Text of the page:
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Last night, I turned my Raspberry Pi off; now, it doesn't finish booting.

After serveral I/O reading failures it hangs on kbd. I've tried booting with several configurations of no mouse, no keyboard, no hub etc. but it always hangs in the same place.

Could it be a corrupt OS?

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3 Answers 3

You've almost certainly caused a corruption to the SD card. Assuming you have a Linux machine you can boot into to do some fixing of the card, you can try this guide to recovery (which I blogged about here: http://www.recantha.co.uk/blog/?p=1208)

First of all, find a computer that you can boot into Linux with that has an SD card slot. Boot into Linux, put the card in.

First, figure out what partition we’re dealing with.

sudo fdisk -l

The above will list all the partitions on all the drives in your computer. To recover a lost partition, your going to need Testdisk. Testdisk is included in Parted Magic, and there’s a great guide on their site. For this though, we just need the partition number, such as /dev/sda3 or /dev/hdb1.

Now, make sure your superblock is the problem, by starting a filesystem check, replacing xxx with your partition name. Here, you can change ext4 to ext3, or ext2 to suit the filesystem.

sudo fsck.ext4 -v /dev/xxx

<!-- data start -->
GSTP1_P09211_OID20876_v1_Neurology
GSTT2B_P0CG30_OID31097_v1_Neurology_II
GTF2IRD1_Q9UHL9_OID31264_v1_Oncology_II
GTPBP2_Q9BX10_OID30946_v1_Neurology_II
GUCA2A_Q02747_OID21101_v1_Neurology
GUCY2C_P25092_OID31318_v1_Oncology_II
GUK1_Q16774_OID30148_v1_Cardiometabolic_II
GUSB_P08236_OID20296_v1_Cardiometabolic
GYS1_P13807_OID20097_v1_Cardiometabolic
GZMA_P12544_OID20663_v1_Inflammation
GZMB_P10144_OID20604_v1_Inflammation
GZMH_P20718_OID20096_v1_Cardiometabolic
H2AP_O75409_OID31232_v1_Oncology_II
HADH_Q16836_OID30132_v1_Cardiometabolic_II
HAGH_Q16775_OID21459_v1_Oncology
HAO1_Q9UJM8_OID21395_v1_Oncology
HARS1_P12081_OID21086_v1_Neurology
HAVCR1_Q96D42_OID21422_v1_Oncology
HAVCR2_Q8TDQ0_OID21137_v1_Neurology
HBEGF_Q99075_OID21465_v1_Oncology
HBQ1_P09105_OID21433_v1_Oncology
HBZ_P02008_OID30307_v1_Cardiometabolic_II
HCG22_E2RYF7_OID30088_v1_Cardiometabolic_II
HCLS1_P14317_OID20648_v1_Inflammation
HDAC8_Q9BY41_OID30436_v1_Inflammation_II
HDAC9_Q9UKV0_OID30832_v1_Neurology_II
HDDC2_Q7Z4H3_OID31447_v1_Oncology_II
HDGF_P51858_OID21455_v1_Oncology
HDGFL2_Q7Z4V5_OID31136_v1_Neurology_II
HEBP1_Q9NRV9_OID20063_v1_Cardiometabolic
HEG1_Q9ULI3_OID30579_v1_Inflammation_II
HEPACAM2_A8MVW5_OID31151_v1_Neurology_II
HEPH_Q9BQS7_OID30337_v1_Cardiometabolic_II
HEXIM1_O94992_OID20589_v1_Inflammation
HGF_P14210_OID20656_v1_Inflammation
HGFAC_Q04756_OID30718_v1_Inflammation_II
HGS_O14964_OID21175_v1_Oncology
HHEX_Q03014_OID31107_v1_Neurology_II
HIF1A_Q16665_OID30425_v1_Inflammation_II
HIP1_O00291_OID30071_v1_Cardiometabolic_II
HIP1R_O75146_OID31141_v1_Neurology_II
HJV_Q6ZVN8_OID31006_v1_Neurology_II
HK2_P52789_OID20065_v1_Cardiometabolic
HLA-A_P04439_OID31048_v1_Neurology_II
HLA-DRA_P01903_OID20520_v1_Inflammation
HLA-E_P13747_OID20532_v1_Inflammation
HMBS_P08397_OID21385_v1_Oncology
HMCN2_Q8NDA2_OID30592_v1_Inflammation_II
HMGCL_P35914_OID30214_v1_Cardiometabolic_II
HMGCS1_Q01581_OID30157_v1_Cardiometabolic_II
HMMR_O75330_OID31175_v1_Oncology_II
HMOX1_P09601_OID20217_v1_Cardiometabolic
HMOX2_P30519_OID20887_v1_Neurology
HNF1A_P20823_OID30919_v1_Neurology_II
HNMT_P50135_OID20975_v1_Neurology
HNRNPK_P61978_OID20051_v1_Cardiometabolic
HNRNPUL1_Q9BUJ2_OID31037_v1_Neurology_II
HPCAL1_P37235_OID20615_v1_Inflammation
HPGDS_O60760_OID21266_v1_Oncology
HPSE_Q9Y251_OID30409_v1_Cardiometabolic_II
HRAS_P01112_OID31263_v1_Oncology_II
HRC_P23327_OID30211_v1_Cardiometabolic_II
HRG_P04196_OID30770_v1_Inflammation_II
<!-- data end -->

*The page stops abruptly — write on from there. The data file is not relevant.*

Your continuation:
If your superblock is corrupt, the output will look like this

fsck /dev/sda5
fsck 1.41.4 (27-Jan-2009)
e2fsck 1.41.4 (27-Jan-2009)
fsck.ext4: Group descriptors look bad... trying backup blocks...
fsck.ext4: Bad magic number in super-block while trying to open /dev/sda5
The superblock could not be read or does not describe a correct ext4
filesystem. 

If the device is valid and it really contains an ext4 filesystem (and not swap or ufs or something else), then the superblock is corrupt, and you might try running e2fsck with an alternate superblock:

e2fsck -b 8193 <device>;

Now lets find where your superblock backups are kept.

sudo mke2fs -n /dev/xxx

Down at the bottom of this output, should be a list of the backups

Superblock backups stored on blocks:
32768, 98304, 163840, 229376, 294912, 819200, 884736, 1605632, 2654208

You’re almost there. Finally, restore the superblock from the backup, again replacing the x’s with your partition name, and block_number with the first backup superblock.

sudo e2fsck -b block_number /dev/xxx

Now reboot, and your superblock should be fixed. If it’s not, repeat the steps, but restore a different backup superblock

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Presuming the card contains raspbian or similiar, most likely a simple fsck -y /dev/XX2 where XX is the unmounted SD card device will do the trick. Do look at the manpage to understand -y first. –  goldilocks Feb 25 '13 at 14:35
    
Thanks for editing it for code formatting - I didn't have time earlier :-) –  recantha Feb 25 '13 at 18:44
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I had a similar error. Luckily I made a backup a few days ago. After restoring the backup, it worked again like a charm.

How do I backup my Raspberry Pi?

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I had this problem several times using an Amazon Basics SD card. I switched cards and the problem stopped happening. After each failure, I had to fully re-image the card and all data on it was lost.

Card that's working for me:

SanDisk Ultra 16 GB SDHC Class 6 Flash Memory Card 30MB/s SDSDH-016G-U46

Edit: Um.. it's working more often, but not all the time.

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